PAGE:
It said: “Investors sold their equity fund holdings (going) into the rally, withdrawing a modest £251m in the second half of July, ramping up to £2.08bn between 1 and 17 August.”

According to the data, UK funds were worst hit by the outflows last month, with investors pulling out £759 million from the sector. This marked the 15th month in a row that portfolios with a domestic tilt had suffered a net exit of money. 

Investors also dumped North American and Asia-Pacific equities funds to the tune of £426 million and £234 million respectively.

Since the beginning of this year, equity funds have shed £4.3bn overall. Calastone, which reports fund data going back eight years, said only March to October 2016 witnessed larger outflows (£5.2bn).

Calastone said that the only portfolios experiencing minor inflows during August were those linked to specialist investment sectors, such as infrastructure, renewable energy and environmental, social and governance (ESG) investing.

Edward Glyn, head of global markets at Calastone, said: “Markets are absorbing the likelihood that inflation will be extremely pernicious and persistent meaning that interest rates will stay higher for longer than initially expected. 

“The combination of a weaker economy and higher rates is very negative for share prices, especially of growth stocks.”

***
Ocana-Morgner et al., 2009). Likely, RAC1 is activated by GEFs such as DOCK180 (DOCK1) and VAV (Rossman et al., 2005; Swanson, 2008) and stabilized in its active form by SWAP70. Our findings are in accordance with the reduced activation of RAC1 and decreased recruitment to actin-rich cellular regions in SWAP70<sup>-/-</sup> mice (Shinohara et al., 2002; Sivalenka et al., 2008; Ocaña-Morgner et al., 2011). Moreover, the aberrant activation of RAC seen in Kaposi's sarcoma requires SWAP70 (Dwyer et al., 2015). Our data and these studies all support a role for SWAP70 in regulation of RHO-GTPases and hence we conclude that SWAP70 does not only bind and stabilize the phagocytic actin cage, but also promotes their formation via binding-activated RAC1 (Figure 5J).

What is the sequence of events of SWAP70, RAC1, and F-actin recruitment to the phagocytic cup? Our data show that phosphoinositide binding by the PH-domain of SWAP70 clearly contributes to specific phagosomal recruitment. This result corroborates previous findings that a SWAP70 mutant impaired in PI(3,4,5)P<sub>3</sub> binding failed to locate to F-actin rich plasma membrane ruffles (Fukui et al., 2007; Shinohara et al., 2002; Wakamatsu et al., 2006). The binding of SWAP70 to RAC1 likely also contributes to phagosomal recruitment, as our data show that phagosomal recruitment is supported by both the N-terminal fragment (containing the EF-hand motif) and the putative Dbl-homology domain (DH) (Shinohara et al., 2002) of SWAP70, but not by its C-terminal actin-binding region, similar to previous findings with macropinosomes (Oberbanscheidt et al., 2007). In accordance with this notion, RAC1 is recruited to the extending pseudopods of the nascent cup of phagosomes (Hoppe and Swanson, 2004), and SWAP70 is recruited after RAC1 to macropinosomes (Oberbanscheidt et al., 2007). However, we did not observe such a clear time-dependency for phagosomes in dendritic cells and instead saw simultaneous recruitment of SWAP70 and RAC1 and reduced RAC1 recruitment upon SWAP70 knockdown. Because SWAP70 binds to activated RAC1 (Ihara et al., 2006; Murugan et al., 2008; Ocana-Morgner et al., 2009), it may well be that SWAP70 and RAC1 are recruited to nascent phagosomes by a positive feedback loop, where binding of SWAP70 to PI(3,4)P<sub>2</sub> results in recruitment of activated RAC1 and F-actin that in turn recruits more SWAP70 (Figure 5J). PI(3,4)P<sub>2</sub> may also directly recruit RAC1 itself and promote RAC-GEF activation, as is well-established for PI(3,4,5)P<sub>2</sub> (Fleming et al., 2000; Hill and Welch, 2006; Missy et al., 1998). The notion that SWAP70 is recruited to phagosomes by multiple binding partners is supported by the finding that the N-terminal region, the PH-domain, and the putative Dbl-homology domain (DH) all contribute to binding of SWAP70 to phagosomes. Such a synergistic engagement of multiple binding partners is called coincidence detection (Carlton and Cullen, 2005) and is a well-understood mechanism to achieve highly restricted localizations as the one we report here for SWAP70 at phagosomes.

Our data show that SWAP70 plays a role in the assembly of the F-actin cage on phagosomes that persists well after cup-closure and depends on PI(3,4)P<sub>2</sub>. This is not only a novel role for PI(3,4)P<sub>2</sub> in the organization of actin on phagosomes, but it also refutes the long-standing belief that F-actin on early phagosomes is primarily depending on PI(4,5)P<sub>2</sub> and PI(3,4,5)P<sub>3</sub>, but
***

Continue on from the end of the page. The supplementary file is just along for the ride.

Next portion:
5 September: Latest Reshuffle Sees F&C Investment Trust Promoted

Asset management group abrdn has dropped out of the UK’s stock market index of leading blue chip companies after its share price fell by more than 40% this year, Andrew Michael writes.

With a market capitalisation of less than £3.2 billion, the company has been relegated from the FTSE 100 in a well-signalled move. The business, which rebranded from Standard Life Aberdeen in 2021, was formed when the two fund management firms merged in 2017.

One of the companies moving in the opposite direction is the £4.5 billion F&C investment trust.

The re-shuffle, announced by index compiler FTSE Russell, will come into force when the stock market closes on Friday 16 September. From that point, so-called passive investment funds that are designed to track the performance of the ‘Footsie’ will withdraw their positions in the company’s stock.

Two other businesses facing demotion from the benchmark stock index are kitchen maker Howden Joinery Group and the drug firm Hikma Pharmaceuticals.